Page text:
Locating several Bluetooth users with a typical mobile phone is relatively simple: You just turn on your phone and see which devices are discoverable in your Bluetooth settings. But you can only monitor the people moving in and out of your Bluetooth's range, which is most likely a 10-meter (33-foot) circle around you. If you wanted to track a specific address, you'd have to visually locate that person's physical device and follow it around all day, which would easily blow your cover. And locating someone else's smartphone doesn't let you listen in on what they're doing or read their email.
But If several Bluetooth-enabled receivers are strategically placed to cover a large area, they can track the positions of any discoverable device, recording and sending any data back to a single address. Each Bluetooth receiver acts like any regular Bluetooth device: It searches for every device within range. If a person walked down a 100-meter-long (328-foot-long) street and each Bluetooth receiver had a range of 10 meters, five receivers with a radius of 20 meters (66 feet) would be needed to track that person's movement. As he walked toward the street, the first receiver would track him for the length of the first 20 meters, the second for the next 20 meters, and so on for the length of the street.
So how have people used this system to track people? One of the earliest uses of Bluetooth positioning and tracking technology is the Aalborg Zoo, the largest zoological garden in Denmark, in 2003. The point of installing the system was not to put the zoo's patrons under surveillance or to see which exhibitions people went to more often. Instead, special "Bluetags" were made available to prevent parents from losing valuable belongings that tend to wander off — their children. A parent could attach a "Bluetag" onto a child, and Bluetooth receivers around the zoo would track the child's movement.
Bluetooth beacons (hardware transmitters) have become commonplace for customers to find their way around retail environments. A shopping mall, for example, could install a Bluetooth surveillance system throughout its entire area to monitor the movements of Bluetooth owners. Although it wouldn't present a perfectly accurate description of a person's movement, the system could create a general map of his path and even compare how long someone stays in a certain area.
For instance, in 2018, Bluetooth reported that the giant Mall of America in Minneapolis was using its technology. "With a Bluetooth beacon infrastructure in place, guests can select their destination on the Mall of America app and pinpoint where they are in the facility. From there, the app can get customers moving in the right direction while providing additional information, such as store hours, estimated time of arrival, and vertical transportation factors like escalators that impact accessibility for shoppers utilizing strollers or wheelchairs," the company wrote.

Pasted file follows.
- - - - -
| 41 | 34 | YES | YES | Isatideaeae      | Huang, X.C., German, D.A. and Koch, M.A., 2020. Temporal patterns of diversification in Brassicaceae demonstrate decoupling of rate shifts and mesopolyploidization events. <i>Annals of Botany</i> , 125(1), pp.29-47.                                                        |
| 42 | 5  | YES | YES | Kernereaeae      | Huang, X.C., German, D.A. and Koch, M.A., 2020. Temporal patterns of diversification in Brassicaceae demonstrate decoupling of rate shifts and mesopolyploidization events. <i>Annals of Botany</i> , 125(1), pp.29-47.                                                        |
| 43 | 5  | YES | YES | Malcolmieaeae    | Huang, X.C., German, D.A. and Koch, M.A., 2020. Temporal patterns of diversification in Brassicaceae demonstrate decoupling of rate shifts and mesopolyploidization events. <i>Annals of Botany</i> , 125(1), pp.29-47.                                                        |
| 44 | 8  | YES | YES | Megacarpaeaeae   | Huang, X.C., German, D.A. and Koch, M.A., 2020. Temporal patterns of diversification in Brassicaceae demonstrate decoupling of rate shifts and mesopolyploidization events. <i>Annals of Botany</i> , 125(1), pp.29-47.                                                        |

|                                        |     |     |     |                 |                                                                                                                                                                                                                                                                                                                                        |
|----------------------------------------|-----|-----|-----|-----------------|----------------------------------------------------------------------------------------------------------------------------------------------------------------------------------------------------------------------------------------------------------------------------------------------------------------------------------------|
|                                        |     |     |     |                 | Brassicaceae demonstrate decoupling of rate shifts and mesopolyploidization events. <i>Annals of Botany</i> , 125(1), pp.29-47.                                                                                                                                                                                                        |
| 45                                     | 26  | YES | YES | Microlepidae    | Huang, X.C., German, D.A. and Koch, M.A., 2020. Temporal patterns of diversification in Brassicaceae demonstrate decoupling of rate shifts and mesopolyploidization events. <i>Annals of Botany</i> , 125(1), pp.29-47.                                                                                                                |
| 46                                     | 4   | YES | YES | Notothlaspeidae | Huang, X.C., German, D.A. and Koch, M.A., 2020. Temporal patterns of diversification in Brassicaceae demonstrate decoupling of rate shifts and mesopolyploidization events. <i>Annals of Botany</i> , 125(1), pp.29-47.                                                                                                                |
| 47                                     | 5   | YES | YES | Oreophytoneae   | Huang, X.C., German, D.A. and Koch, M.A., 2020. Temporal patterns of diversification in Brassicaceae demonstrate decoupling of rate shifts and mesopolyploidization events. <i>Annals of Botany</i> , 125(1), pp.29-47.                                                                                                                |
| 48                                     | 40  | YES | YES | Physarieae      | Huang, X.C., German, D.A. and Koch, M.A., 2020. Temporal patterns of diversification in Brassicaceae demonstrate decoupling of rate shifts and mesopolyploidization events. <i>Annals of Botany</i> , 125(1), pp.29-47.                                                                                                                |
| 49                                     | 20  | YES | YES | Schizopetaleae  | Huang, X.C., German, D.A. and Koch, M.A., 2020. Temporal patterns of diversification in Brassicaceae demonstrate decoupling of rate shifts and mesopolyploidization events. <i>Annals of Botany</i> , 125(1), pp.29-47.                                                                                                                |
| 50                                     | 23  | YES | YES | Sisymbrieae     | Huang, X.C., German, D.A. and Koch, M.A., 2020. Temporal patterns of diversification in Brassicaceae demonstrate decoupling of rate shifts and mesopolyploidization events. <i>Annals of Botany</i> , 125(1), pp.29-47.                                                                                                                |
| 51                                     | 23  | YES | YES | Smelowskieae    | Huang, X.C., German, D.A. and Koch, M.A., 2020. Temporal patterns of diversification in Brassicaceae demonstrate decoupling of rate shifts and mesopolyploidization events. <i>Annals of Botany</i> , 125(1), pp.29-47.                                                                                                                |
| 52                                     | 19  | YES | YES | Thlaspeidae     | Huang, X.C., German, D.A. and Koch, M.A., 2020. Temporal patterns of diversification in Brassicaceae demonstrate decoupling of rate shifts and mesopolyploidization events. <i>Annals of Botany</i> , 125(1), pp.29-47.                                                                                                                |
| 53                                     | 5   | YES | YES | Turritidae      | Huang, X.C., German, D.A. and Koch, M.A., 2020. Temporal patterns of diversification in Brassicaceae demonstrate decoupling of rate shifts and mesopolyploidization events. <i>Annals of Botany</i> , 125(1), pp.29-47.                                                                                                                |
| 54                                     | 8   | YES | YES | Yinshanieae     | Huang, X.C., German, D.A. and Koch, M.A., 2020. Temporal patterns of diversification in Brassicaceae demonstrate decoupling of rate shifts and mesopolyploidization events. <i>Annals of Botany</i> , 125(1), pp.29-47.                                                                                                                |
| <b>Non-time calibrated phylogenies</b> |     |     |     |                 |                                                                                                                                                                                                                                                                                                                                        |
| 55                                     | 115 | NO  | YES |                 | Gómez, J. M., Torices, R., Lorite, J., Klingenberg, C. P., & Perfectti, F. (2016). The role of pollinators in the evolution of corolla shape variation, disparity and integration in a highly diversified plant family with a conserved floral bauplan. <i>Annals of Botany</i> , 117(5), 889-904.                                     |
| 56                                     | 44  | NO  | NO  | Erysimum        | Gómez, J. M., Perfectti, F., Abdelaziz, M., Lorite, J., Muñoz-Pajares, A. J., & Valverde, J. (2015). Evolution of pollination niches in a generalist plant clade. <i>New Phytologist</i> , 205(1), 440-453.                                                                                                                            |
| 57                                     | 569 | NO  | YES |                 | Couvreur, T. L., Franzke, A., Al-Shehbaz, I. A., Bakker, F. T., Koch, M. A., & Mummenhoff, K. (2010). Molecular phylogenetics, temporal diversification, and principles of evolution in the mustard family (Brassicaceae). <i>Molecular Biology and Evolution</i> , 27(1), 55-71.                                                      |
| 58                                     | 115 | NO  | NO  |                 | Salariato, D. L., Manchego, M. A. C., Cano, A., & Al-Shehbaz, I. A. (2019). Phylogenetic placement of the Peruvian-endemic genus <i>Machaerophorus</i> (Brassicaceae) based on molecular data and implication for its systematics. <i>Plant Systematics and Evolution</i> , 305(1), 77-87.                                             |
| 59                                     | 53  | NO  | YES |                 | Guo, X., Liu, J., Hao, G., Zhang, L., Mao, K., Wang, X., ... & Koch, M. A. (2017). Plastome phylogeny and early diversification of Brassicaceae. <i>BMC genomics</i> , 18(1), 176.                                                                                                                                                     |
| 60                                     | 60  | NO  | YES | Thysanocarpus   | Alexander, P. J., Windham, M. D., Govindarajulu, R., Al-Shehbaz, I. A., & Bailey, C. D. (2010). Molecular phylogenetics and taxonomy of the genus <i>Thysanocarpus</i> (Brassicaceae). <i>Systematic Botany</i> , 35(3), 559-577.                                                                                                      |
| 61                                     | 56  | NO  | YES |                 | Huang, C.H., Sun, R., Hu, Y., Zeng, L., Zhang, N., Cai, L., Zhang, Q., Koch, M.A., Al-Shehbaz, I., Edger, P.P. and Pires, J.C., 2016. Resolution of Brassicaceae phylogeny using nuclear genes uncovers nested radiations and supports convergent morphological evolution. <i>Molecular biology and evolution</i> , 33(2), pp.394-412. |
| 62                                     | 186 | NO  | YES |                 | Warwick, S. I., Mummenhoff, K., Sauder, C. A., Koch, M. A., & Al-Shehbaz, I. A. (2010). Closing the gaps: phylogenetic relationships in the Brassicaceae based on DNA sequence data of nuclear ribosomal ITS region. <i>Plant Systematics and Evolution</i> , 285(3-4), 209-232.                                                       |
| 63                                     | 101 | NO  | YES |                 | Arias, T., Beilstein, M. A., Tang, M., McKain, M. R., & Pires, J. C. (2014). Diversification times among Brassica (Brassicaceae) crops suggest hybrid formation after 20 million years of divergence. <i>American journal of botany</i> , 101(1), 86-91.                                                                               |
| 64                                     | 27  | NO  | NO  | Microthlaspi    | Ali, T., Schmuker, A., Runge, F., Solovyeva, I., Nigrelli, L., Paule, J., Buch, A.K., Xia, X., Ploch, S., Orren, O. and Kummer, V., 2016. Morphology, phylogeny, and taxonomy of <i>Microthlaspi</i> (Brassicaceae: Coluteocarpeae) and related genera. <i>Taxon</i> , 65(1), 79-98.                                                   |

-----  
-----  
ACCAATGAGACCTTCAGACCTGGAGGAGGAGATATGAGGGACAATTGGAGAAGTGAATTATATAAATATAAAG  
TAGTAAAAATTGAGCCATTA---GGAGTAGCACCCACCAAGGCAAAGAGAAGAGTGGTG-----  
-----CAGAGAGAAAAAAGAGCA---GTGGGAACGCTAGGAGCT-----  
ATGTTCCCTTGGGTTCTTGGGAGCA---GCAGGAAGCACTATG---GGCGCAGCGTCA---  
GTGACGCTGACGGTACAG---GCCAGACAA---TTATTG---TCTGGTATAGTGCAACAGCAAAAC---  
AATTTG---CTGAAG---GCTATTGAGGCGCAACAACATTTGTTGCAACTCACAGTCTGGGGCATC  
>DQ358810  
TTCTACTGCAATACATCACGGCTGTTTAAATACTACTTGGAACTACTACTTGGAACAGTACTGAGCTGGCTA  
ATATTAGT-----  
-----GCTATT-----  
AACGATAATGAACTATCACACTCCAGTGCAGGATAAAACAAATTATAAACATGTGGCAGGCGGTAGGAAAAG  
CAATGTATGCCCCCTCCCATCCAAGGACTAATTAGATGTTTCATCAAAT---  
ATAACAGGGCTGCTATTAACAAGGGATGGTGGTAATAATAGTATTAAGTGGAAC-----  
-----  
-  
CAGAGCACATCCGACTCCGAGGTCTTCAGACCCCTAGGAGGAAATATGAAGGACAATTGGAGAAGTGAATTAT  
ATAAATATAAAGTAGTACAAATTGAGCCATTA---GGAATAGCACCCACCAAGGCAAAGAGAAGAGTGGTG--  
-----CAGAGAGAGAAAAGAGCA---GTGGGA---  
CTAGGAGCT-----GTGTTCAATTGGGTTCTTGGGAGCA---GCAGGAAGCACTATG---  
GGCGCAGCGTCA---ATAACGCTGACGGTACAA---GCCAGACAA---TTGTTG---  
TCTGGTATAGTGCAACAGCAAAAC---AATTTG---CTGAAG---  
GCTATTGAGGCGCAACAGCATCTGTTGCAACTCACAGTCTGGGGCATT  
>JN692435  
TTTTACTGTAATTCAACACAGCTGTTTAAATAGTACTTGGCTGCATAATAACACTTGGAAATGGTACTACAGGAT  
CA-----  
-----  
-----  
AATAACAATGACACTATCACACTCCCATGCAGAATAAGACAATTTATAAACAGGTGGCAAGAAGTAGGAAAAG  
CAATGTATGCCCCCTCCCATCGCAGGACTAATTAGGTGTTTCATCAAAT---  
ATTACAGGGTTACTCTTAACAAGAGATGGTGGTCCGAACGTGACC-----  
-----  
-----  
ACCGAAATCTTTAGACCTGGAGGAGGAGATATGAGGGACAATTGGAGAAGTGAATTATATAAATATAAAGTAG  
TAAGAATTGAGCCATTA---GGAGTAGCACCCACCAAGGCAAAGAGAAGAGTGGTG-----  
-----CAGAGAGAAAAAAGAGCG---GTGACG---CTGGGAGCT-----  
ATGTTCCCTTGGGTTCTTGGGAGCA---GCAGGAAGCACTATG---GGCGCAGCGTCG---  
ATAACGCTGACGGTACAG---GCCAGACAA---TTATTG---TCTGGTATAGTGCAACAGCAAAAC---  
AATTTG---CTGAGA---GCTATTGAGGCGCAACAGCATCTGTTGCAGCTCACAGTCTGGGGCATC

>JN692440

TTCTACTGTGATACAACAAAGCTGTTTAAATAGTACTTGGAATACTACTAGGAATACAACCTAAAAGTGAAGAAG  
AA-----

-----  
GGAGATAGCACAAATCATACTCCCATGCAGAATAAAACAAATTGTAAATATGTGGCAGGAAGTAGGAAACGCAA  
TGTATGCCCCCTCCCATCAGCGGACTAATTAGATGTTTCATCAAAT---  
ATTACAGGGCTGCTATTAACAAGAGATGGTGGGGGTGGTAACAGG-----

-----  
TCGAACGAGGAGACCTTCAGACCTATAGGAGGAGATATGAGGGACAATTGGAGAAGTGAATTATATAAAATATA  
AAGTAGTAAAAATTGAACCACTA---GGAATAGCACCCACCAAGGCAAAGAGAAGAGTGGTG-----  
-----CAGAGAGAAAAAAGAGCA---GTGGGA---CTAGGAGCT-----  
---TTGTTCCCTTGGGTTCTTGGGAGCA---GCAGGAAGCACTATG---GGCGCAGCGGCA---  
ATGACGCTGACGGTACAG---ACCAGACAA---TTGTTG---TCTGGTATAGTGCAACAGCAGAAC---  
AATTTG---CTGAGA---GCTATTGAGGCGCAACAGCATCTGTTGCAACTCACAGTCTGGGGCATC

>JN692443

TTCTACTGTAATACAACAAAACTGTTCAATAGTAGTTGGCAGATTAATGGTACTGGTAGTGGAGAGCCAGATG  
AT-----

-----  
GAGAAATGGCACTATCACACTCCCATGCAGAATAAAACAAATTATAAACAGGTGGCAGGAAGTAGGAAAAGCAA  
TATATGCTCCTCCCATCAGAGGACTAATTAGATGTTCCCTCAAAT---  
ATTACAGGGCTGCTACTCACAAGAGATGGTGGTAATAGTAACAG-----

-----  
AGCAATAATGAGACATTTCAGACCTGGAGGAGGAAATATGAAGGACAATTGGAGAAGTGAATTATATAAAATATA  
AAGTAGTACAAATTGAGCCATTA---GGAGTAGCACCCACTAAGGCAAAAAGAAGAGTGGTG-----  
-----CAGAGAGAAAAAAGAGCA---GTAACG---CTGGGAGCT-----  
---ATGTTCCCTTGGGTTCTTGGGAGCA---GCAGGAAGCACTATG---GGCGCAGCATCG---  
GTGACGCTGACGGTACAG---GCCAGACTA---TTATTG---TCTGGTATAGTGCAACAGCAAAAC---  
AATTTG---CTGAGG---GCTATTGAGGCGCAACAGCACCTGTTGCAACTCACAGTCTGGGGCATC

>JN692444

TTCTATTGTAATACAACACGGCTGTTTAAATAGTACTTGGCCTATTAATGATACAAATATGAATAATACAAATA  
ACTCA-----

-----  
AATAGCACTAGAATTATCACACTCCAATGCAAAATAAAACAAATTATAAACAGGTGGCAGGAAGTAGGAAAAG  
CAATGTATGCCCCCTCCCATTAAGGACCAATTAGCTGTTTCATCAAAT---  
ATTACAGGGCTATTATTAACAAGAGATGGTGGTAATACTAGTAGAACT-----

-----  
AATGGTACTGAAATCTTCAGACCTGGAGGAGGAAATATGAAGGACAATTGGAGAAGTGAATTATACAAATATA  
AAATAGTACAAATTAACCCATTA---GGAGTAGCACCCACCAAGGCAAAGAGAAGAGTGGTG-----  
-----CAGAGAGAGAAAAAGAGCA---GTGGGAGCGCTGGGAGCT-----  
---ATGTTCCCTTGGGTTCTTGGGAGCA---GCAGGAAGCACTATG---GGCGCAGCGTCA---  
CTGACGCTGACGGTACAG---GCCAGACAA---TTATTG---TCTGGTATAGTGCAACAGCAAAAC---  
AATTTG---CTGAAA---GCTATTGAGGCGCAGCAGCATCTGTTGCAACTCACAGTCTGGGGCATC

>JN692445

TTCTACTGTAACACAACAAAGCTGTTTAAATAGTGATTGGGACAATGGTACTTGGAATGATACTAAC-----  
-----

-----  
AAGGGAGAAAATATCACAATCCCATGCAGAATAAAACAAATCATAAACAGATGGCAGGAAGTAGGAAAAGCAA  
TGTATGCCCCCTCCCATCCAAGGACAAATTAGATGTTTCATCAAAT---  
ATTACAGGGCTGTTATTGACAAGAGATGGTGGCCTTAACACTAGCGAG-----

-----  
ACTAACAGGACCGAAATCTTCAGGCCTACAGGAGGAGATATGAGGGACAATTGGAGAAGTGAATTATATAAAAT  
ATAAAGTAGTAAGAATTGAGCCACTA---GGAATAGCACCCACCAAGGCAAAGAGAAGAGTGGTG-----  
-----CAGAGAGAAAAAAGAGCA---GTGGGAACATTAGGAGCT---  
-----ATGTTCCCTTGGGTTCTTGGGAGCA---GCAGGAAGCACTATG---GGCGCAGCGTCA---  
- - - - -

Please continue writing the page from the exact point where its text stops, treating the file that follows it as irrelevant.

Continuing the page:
With this knowledge, store owners could analyze shopper's behavior and change advertisement positions accordingly without anyone ever knowing. Some retailers use this surveillance to enhance services, knowing when a shopper with an appointment has arrived and where they are, even in a busy store.
You may have been using this same technology without realizing it. Personal Bluetooth trackers such as the Tile series and Apple's AirTags are very helpful for finding things you misplace often, such as your keys. An app on your smartphone can tell you where they are, as long as they are near another Bluetooth device that can identify the tracker. But this requires many people to have Bluetooth enabled. If you left your keys at your desk, your work neighbor's phone might be able to tell you right where they are. They're doing a kind of Bluetooth surveillance, and so are you — you've opted into the network of people looking for these trackers and passing on that info to someone who may have lost something important.
During the COVID-19 pandemic, several governments have used Bluetooth technology in tracking devices that citizens download on their phones. In the case of Britain, if someone has tested positive for COVID-19 (and the person agrees), the National Health Service will send them a link where they should fill out the contact information (names, addresses, phone numbers) of anyone they have had contact with. The tracing app will then alert these people and may suggest self-isolation depending on the type of contact. The app also lets users know if they are near someone who has tested positive for COVID-19.